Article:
To test this theory, you could have a police officer on a test field with a blindfold that he's allowed to remove for two seconds to estimate the speed of a moving car. He can estimate the speed while the car is far away and traveling more or less toward him (at a low angular velocity), and near him traveling roughly perpendicular to his line of sight (at a high angular velocity). Then use those experimentally measured values as the basis for whether he'd be thrown for a loop by a loss of vision near the stop sign. Use sound-cancelling headphones if you want to take engine noise out of the equation.

Edit:

The final figure in the author's argument shows the officer's perception of angular velocity given an interruption in vision, drawn as a dotted red line that has a plateau at the top. That shape is not the shape produced by an object that's maintaining a constant linear velocity. If the officer were interpreting the car as moving at a constant speed, the dotted line depicting his perception should be the same shape but different amplitude as the solid red line. That is, his misinterpretation would have to put the car as moving several times faster than its actual speed. If an officer can correctly estimate the car's speed regardless of the angle at which he views it, then he would not be fooled if the car has to travel at several times its actual speed while his vision is obscured in order to look like it ran the stop sign. If you have experimental data, you can in principle calculate the probability that he would make such a mistake based on standard deviations of estimated speed.

Edited by plasmid
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Posted · Report post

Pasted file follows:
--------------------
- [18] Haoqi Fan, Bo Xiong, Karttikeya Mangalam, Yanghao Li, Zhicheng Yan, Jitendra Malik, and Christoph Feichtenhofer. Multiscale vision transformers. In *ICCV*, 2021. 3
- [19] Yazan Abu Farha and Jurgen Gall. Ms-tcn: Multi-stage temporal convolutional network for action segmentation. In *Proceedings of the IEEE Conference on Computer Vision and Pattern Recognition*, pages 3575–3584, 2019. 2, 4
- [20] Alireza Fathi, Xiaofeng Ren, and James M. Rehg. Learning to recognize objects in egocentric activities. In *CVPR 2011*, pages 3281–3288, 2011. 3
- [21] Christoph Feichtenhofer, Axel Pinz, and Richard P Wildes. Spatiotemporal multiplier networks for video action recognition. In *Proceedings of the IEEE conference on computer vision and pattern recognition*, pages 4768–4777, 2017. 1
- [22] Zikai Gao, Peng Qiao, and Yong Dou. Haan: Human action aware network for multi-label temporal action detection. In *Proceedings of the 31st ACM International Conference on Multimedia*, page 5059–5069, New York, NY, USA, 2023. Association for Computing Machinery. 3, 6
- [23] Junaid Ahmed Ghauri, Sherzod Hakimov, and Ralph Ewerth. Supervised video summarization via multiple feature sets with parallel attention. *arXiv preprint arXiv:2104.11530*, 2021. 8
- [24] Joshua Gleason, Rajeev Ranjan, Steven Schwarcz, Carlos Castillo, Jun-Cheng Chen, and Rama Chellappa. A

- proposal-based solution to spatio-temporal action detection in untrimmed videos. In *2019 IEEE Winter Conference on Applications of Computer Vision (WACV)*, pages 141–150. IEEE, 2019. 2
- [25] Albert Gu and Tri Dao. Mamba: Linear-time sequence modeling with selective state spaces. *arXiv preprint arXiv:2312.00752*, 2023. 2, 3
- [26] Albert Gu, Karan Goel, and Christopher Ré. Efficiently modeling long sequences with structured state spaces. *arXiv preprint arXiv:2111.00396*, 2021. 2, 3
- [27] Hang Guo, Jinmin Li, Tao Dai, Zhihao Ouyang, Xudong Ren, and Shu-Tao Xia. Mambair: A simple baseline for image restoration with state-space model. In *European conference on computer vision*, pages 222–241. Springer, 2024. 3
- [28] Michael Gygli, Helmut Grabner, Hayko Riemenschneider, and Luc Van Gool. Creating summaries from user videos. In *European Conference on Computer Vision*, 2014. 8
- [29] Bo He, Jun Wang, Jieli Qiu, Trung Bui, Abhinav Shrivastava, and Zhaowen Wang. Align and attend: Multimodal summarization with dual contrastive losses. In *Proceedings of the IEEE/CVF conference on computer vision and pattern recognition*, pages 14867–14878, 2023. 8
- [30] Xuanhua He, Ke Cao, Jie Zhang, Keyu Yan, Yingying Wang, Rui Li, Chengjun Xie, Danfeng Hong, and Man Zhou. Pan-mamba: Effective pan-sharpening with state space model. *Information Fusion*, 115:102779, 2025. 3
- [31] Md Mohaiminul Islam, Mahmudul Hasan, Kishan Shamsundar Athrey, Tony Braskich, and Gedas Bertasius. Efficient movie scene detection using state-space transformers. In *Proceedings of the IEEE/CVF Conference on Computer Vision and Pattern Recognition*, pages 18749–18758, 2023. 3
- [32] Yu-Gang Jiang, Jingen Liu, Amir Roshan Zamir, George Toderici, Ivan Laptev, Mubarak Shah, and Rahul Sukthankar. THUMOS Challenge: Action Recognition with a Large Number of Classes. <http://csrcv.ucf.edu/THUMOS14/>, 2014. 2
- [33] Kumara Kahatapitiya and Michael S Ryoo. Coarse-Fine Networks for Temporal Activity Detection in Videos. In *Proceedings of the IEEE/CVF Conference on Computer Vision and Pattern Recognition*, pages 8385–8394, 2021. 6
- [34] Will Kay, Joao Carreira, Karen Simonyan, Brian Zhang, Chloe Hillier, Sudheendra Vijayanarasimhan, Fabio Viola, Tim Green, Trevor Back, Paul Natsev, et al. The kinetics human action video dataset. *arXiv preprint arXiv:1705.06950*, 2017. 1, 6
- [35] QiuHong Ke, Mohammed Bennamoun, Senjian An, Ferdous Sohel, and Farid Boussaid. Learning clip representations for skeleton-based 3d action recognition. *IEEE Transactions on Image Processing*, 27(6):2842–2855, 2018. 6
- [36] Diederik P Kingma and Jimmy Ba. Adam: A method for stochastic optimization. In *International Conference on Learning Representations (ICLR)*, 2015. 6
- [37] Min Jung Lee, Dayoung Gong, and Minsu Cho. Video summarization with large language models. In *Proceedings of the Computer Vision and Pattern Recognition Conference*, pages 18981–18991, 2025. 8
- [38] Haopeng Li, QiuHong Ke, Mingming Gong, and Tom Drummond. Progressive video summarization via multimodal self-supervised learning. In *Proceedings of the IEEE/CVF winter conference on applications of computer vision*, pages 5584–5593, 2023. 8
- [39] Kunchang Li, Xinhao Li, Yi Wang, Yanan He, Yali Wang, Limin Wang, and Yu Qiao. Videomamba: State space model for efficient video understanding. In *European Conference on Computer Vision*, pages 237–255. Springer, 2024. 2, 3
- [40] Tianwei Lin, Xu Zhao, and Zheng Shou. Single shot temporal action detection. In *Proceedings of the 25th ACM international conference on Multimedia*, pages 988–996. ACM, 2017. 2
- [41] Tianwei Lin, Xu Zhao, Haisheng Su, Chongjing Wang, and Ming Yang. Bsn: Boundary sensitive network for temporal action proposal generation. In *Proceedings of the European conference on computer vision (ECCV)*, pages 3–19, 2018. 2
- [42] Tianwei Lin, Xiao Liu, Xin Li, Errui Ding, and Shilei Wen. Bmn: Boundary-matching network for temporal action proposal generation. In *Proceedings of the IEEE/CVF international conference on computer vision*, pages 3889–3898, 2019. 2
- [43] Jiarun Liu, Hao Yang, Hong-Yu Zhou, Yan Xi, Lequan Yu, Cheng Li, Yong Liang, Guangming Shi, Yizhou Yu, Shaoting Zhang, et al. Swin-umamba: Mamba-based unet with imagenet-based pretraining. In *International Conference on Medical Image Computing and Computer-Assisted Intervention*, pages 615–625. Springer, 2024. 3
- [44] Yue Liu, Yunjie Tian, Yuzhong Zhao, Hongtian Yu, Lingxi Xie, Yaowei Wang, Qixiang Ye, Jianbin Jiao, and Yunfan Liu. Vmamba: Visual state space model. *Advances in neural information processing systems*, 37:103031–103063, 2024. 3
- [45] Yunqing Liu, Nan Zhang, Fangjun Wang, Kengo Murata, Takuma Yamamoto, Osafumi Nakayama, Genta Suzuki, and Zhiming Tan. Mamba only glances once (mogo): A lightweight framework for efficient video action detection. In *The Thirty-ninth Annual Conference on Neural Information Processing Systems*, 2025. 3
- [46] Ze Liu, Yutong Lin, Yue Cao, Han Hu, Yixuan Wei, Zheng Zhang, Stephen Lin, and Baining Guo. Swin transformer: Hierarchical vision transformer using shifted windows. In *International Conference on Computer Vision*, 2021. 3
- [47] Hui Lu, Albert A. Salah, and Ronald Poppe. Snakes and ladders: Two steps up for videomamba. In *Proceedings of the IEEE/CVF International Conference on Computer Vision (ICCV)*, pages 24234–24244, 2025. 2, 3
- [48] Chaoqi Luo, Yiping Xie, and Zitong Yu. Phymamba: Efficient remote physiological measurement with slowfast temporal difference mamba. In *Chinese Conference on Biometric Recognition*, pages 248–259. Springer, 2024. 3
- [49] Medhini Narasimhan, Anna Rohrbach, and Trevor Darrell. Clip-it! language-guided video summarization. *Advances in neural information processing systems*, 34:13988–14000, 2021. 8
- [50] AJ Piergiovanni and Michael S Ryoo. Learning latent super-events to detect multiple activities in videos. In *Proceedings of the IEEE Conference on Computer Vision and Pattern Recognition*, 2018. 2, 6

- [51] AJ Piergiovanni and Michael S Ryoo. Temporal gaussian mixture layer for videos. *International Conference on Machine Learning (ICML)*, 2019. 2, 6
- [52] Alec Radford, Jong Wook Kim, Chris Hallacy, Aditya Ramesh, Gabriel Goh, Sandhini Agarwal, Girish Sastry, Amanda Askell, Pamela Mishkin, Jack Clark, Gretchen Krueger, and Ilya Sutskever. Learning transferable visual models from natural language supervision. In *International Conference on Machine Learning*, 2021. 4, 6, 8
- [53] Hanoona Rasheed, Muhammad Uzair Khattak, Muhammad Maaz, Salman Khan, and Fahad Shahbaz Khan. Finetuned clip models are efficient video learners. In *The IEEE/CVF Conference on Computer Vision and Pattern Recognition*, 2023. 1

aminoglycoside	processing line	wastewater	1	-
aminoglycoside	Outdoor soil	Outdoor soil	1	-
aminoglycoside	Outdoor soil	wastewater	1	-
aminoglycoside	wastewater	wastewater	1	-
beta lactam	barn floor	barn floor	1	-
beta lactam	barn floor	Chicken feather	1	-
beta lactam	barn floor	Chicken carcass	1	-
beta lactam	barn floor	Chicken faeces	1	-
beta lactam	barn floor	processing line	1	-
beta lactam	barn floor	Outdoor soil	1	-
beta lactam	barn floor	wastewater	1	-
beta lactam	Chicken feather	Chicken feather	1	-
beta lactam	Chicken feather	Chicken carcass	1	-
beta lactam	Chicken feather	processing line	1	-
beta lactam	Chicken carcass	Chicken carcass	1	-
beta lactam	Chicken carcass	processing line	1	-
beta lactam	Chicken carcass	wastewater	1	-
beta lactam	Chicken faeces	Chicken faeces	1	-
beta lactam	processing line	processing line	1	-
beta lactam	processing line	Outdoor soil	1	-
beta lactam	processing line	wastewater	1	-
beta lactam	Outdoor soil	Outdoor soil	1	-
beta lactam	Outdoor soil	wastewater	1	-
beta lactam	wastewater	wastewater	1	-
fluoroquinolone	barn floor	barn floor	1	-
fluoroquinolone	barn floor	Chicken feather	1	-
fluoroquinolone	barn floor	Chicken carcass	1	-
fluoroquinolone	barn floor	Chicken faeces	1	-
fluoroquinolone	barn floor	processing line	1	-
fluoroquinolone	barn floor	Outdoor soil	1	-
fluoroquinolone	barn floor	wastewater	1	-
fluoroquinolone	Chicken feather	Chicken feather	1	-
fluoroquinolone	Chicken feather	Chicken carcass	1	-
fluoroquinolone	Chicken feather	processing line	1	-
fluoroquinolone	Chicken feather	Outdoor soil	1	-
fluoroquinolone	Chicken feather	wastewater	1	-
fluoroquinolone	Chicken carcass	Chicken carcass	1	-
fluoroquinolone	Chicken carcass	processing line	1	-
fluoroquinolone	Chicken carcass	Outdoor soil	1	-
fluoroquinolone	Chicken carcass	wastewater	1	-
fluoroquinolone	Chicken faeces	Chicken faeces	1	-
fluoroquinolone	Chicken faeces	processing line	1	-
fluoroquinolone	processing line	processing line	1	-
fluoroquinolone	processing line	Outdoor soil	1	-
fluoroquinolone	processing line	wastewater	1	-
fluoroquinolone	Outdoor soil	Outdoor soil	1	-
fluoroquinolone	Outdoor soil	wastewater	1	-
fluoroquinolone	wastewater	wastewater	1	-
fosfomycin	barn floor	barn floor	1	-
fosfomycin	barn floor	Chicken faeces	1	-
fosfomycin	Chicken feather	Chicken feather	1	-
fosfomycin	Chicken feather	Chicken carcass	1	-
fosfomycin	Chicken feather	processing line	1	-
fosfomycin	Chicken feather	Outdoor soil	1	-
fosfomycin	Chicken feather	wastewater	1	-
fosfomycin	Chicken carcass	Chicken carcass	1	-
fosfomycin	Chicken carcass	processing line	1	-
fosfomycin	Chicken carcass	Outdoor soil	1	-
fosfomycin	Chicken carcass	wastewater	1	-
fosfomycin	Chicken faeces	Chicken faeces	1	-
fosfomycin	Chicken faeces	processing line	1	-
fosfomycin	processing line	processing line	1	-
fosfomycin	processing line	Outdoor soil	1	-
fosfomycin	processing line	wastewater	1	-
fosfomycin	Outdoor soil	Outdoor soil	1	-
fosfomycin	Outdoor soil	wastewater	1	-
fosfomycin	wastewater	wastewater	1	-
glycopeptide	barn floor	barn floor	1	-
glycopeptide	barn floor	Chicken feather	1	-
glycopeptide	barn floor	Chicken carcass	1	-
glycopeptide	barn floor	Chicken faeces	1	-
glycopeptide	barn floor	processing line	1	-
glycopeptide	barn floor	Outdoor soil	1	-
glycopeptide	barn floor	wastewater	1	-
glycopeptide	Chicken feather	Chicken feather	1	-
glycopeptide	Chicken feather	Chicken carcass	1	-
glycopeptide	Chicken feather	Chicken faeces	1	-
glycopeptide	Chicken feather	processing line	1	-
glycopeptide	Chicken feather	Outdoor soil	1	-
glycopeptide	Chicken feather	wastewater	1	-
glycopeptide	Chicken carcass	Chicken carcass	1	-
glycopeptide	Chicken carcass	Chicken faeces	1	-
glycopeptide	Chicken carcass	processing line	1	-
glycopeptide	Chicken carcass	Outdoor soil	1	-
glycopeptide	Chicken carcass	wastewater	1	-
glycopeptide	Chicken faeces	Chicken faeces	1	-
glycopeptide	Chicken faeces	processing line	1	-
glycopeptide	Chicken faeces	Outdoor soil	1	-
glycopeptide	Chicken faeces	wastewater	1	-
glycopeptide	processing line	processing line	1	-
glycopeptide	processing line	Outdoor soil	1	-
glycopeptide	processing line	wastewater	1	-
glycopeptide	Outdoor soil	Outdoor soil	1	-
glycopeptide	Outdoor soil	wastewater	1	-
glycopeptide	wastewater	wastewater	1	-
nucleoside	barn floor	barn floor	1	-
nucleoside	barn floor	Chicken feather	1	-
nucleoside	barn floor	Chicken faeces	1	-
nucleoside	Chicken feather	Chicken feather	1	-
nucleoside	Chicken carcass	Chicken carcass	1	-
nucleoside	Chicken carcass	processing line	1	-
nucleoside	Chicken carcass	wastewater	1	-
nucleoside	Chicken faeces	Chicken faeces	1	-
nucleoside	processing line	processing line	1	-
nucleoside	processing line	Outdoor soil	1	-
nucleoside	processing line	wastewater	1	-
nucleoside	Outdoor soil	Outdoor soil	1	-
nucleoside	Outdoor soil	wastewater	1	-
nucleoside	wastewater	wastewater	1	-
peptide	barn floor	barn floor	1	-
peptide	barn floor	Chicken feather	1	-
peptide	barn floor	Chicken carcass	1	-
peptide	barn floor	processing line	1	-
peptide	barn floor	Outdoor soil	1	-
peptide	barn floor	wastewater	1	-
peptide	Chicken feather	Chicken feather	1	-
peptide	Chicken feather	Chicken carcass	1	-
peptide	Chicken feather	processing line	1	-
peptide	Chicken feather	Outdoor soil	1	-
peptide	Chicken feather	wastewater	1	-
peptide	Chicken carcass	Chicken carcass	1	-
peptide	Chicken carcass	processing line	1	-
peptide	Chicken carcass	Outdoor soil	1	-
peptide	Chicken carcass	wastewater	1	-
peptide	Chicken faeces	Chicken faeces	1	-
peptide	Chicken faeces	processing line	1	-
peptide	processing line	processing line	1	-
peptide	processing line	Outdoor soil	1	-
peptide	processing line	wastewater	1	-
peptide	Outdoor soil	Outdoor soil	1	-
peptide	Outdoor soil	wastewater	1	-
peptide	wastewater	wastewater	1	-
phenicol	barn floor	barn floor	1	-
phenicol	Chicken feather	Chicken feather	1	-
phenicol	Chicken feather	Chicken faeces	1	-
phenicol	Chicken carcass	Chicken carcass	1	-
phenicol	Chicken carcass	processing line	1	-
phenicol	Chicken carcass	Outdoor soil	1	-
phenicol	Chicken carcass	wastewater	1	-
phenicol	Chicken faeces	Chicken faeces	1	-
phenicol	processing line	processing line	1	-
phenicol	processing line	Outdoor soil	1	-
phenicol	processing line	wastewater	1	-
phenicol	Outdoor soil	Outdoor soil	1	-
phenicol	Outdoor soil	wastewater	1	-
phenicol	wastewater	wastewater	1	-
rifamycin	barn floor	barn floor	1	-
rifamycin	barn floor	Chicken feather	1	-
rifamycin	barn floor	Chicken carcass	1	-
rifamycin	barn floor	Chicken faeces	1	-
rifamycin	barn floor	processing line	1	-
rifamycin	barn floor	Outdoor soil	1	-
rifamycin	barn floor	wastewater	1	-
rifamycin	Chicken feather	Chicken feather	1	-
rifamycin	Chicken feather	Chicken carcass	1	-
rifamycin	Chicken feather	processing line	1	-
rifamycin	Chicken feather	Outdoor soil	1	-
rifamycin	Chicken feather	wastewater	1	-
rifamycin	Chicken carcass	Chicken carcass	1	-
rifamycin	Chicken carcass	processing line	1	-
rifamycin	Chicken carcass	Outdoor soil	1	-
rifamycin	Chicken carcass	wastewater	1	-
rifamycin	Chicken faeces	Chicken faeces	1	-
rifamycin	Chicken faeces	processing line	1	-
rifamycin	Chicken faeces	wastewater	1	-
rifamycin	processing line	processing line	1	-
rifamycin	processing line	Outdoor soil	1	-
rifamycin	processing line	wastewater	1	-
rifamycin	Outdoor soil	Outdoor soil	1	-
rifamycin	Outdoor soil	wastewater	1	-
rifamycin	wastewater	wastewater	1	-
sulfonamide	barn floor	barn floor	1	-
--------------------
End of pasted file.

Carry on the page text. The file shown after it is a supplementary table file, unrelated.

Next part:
Much simpler answer

The graphs he shows are plotting angular velocity as a function of time. What the officer really sees is angular position (not velocity) as a function of time - the integral of the plot that's shown. There would be a much more obvious discontinuity in the latter if you were to obscure part of it where the driver comes to a stop.

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Here's what I consider to be the major flaw with his argument.

Directly from his paper:

Unfortunately, it is difficult to measure deceleration or acceleration without special tools,

but we can roughly estimate it as follows. D.K. was badly sick with cold on that day. In fact, he was sneezing while

approaching the stop sign. As a result he involuntary pushed the brakes very hard. Therefore we can assume

that the deceleration was close to maximum possible for a car, which is of the order of 10 m/s2 = 22:36 mph/s.

So, since he braked as quickly as possible for his vehicle, because he was sneezing, then he had absolutely no intention of stopping for the stop sign, or he stopped too early for the line and would have had to inch forward. Generally people slowly brake before a stop sign and a sneeze would've made him stop far in advance.

So we are lead to believe that he either stopped too far in advance of the stop sign, or that there was absolutely no intention to stop for the stop sign.

That was what I considered the major flaw with his argument (I also doubt the ability of the SUV to completely block the officer's view as the SUV should be moving.

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Posted (edited) · Report post

The fatal flaw is that DK’s third factor in his conclusion, “the O's view of C1 was briefly obstructed by another car, C2, around time t = 0“ is wrong. Car, C1, is never fully obstructed because the time for full obstruction is less than time t’, the time to decelerate, stop, and accelerate or “go over its maximum“. Therefore, a portion of C1 was always visible to the officer, who verified correctly that C1 did not stop as required. Case closed and guilty as charged! Figures don’t lie, but liars figure - ignore basic reasoning at own risk.

Edited by LilGreek